We recently acquired as a gift what is known as a combo cooker. This is a dual purpose piece as the bottom is a dutch oven type pan but the lid can be used as a skillet as well as the cover. Obviously this lid doesn’t have the self-basting nubbins, but if you can only get one piece of cast iron this would be a good choice due to its duality.
Muffins baked in the cast iron muffin pan come out golden brown with a crispy crust as do corn sticks prepared in my corn stick pan.
The griddle is ideal for making pancakes, grilled cheese, homemade tortillas or English muffins. Because it heats evenly the finished product comes out perfect.
My most prized piece of cast iron is my antique waffle maker probably because I’m not aware of anyone who makes them anymore. A ring holds the lidded waffle iron in such a way that I can pivot the waffle iron back and forth so both top and bottom of the waffle cook evenly over the open fire of my kitchen wood cookstove. What a neat device!
Care of Cast Iron
To use cast iron, first preheat the pan but do so gradually. A long time ago when I was in a hurry I put a big griddle over the direct fire of my cookstove and it cracked. I’ve not been able to find one like it to replace it.
Once preheated add just a touch of oil. If you have a spritzer for oil, use that or you could use cooking spray as I often do. Now you’re ready to start cooking.
To clean cast iron, never put it in the dishwasher. Always wash by hand. Contrary to popular belief you can use soap and water to wash cast iron. Over time this will remove the seasoning but that’s not a big deal as re-seasoning is very easy. I do it all the time. Use a nylon scrubbie, never a steel wool soap pad, for scrubbing, then rinse. If there’s stubborn stuck on bits, add some water to the pan and simmer for 3 to 5 minutes. Once clean, dry well then smear with a thin coating of oil.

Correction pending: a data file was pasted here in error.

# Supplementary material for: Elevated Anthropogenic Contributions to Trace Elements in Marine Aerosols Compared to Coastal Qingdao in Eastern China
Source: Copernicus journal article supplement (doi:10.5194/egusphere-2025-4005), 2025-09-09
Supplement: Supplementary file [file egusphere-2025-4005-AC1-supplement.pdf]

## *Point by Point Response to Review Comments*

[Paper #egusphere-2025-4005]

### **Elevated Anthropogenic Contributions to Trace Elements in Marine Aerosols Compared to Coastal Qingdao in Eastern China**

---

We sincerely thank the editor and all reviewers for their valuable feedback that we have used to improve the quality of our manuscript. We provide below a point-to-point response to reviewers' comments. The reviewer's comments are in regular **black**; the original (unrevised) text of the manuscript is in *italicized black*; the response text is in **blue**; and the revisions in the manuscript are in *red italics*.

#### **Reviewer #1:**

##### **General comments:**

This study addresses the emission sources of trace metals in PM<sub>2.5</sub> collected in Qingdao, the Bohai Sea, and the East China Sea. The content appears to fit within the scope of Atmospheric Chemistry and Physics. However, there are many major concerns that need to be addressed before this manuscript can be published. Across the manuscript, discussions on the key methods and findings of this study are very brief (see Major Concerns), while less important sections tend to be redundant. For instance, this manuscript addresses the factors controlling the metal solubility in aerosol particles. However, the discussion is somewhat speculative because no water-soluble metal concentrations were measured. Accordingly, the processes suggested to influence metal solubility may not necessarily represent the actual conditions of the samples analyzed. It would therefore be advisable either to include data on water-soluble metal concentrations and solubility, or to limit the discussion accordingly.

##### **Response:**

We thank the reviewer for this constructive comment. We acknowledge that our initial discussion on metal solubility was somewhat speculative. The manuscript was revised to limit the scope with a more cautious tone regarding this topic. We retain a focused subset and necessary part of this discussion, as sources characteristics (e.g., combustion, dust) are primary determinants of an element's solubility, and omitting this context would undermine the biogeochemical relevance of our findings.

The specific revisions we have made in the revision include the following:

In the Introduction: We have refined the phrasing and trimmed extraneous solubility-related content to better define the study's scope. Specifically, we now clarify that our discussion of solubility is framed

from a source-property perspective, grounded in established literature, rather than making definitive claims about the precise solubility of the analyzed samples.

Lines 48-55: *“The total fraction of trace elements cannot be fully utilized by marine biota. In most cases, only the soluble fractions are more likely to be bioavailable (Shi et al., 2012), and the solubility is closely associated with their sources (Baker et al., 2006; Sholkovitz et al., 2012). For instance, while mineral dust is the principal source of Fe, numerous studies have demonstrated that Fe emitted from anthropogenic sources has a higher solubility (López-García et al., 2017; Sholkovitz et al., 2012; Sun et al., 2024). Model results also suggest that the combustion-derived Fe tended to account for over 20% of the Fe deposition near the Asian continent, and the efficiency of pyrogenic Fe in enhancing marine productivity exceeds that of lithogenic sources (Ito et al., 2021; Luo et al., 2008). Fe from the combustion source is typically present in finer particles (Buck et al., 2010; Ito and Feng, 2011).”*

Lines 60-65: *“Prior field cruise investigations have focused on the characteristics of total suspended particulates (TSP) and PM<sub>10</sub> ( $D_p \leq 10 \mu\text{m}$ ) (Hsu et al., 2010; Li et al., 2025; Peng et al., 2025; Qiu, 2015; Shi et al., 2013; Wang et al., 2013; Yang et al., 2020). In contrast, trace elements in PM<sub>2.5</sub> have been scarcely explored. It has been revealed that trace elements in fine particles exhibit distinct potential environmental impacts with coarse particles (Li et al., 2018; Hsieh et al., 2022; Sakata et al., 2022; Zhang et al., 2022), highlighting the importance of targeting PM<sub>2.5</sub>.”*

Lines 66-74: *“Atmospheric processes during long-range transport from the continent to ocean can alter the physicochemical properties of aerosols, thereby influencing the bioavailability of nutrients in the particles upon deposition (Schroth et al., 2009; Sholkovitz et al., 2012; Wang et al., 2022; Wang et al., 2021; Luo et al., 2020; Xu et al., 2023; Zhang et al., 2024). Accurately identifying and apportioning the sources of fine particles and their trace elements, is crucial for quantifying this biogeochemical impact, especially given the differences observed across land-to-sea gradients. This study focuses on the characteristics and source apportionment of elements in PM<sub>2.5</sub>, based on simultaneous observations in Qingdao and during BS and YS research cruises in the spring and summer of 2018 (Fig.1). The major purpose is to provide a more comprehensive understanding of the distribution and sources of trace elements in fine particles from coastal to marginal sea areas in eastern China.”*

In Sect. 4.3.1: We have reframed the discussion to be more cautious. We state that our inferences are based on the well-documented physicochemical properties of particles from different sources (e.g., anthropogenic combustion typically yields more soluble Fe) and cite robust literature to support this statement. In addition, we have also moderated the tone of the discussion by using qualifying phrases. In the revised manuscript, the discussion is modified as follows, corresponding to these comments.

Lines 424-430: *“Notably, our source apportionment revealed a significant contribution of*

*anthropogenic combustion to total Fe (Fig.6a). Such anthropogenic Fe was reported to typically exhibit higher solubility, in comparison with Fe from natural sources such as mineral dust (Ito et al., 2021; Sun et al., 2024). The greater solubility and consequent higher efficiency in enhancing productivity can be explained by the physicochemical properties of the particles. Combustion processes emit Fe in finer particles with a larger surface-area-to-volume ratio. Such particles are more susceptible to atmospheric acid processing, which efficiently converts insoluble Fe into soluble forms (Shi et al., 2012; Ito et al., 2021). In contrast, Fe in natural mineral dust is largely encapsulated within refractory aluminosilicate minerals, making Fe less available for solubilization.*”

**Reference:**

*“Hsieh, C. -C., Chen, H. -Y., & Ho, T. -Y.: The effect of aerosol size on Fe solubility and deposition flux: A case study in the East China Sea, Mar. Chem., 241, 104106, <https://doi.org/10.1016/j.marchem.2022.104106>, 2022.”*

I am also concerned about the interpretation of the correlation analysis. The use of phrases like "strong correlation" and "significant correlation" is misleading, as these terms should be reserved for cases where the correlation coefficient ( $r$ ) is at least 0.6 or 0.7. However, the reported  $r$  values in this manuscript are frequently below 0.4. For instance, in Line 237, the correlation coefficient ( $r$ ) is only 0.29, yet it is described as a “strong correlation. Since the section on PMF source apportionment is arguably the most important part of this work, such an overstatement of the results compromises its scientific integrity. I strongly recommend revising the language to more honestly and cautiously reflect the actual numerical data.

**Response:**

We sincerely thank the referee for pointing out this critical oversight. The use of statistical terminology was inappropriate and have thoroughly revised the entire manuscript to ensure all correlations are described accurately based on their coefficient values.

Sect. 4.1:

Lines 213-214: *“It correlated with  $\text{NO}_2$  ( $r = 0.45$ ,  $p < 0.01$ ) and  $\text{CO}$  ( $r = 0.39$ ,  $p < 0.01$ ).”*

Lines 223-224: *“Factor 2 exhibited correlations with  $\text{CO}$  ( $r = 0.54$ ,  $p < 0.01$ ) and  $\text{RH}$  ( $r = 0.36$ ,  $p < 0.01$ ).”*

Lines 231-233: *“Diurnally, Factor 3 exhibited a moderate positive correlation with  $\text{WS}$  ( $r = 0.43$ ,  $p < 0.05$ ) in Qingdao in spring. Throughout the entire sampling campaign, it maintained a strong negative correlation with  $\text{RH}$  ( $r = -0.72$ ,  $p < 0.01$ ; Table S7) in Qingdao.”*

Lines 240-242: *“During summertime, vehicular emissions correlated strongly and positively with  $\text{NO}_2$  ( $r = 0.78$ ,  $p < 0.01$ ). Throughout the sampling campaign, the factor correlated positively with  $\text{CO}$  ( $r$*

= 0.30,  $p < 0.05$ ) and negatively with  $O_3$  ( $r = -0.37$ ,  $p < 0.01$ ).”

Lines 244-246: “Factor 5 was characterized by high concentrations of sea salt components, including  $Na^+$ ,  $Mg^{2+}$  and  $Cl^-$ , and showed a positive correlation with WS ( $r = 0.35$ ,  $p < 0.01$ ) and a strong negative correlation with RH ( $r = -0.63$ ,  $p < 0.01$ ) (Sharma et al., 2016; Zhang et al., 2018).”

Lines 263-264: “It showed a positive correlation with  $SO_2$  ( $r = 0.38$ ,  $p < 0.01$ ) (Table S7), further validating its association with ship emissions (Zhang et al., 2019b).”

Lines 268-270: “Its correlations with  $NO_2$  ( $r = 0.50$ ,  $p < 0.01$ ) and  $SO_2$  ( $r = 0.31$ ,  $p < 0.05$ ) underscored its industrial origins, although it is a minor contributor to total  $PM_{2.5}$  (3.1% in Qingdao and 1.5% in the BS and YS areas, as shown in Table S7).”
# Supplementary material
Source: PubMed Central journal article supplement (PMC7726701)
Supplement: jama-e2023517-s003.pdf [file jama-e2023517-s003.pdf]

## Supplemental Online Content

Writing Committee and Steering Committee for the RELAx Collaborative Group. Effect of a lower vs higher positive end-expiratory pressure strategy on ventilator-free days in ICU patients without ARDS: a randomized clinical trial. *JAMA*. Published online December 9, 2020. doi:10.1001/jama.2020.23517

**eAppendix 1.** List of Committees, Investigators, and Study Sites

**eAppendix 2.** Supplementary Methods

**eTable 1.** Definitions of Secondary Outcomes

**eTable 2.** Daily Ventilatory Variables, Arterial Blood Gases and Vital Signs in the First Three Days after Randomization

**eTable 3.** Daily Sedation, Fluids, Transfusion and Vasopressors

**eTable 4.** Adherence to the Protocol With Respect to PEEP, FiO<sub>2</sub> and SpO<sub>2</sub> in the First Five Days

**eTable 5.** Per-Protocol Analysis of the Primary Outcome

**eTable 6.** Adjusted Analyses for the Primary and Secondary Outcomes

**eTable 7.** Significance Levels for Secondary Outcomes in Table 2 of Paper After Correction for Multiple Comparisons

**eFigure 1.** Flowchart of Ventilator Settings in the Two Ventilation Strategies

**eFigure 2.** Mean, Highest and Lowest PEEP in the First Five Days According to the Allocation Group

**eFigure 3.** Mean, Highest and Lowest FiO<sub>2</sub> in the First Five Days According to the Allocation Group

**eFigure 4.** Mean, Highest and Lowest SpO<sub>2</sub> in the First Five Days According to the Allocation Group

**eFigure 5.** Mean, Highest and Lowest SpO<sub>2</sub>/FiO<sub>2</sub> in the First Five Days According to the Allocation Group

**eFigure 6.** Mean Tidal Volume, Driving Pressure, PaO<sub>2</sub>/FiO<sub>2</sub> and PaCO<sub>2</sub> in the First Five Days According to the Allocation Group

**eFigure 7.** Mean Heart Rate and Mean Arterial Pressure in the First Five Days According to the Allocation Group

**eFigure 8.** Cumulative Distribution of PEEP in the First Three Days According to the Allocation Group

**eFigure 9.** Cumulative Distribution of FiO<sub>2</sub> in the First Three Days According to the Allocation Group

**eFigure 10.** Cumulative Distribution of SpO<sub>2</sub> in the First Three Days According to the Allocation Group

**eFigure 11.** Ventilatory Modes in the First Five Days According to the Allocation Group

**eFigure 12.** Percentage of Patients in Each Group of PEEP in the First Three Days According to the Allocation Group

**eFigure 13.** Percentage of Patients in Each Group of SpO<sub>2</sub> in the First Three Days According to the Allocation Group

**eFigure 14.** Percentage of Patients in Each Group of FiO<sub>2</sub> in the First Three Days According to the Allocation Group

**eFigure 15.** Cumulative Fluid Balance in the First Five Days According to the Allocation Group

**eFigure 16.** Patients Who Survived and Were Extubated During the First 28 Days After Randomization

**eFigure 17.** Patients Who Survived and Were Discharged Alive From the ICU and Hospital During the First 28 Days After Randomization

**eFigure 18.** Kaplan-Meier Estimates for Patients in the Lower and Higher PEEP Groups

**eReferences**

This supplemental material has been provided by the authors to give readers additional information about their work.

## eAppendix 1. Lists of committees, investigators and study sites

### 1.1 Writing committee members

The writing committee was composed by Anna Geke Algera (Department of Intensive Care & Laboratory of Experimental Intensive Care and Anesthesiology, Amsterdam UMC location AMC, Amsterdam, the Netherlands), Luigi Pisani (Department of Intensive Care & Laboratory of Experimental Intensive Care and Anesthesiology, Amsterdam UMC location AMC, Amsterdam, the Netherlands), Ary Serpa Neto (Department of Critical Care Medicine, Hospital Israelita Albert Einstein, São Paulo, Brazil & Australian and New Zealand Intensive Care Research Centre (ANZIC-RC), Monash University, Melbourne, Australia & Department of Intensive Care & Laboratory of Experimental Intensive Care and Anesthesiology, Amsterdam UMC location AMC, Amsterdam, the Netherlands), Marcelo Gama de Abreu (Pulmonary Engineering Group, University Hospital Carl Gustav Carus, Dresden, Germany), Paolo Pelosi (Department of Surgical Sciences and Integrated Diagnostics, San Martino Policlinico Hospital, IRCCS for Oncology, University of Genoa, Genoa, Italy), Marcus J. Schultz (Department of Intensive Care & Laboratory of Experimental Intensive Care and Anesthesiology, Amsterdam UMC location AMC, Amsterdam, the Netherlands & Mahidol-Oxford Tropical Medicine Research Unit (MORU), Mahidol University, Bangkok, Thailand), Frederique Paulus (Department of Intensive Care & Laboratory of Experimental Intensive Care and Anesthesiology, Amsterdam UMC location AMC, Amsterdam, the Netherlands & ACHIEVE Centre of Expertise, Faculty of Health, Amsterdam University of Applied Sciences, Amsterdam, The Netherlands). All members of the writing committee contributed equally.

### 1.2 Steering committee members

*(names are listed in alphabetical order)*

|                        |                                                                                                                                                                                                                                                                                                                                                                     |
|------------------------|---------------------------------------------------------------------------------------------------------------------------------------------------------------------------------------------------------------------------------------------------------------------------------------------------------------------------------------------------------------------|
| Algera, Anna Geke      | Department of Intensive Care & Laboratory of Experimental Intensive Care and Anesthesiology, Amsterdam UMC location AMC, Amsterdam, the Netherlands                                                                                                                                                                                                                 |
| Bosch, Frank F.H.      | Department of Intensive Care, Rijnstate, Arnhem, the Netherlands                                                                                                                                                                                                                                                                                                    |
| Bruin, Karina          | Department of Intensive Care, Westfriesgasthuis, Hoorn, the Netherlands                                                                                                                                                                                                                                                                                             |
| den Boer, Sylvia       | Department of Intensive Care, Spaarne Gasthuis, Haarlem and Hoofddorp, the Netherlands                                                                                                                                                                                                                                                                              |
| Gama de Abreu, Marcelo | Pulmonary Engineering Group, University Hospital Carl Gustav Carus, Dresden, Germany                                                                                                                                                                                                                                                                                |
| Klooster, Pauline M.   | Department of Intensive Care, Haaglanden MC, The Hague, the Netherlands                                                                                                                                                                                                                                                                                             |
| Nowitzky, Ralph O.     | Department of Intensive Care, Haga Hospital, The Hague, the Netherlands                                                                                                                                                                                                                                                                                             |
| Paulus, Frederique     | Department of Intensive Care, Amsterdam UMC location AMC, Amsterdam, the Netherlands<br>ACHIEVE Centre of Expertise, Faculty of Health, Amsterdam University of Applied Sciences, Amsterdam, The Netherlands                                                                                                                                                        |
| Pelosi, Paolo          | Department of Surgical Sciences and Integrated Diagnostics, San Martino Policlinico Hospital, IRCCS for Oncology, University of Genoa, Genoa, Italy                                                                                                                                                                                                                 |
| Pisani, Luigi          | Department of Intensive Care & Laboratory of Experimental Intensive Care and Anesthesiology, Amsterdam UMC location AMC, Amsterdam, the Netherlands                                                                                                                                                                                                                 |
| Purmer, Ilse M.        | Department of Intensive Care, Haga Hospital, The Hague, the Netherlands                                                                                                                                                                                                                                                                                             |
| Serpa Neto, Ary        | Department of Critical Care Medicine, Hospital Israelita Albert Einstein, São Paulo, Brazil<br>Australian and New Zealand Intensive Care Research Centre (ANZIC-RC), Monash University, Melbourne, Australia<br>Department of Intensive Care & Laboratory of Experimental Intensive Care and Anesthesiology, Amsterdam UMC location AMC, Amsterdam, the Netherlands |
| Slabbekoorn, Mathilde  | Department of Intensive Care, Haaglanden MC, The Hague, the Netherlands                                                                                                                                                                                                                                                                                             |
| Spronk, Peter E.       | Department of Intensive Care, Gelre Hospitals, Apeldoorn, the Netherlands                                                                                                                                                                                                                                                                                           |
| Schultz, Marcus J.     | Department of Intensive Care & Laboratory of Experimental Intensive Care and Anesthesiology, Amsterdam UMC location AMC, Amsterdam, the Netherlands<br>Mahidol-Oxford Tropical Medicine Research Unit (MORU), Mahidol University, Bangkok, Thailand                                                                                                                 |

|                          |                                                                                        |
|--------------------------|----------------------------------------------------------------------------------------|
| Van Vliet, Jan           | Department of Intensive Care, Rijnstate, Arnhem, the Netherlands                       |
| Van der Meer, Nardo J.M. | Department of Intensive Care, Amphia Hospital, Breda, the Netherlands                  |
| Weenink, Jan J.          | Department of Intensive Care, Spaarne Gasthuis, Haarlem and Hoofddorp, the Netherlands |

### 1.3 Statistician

When re-seasoning becomes necessary, I coat the pan thinly and evenly with oil then put it upside down on a parchment lined baking sheet that I put in a hot oven (400º F) for an hour. The lined baking sheet will catch any excess oil that drips off. Excess oil can make the cookware sticky.
Hopefully you’ll consider cast iron cookware for your homestead kitchen. Personally I wouldn’t have any other kinds of skillets or dutch ovens.
Until next time, keep the dream alive! We wish you a great day!
Ron and Johanna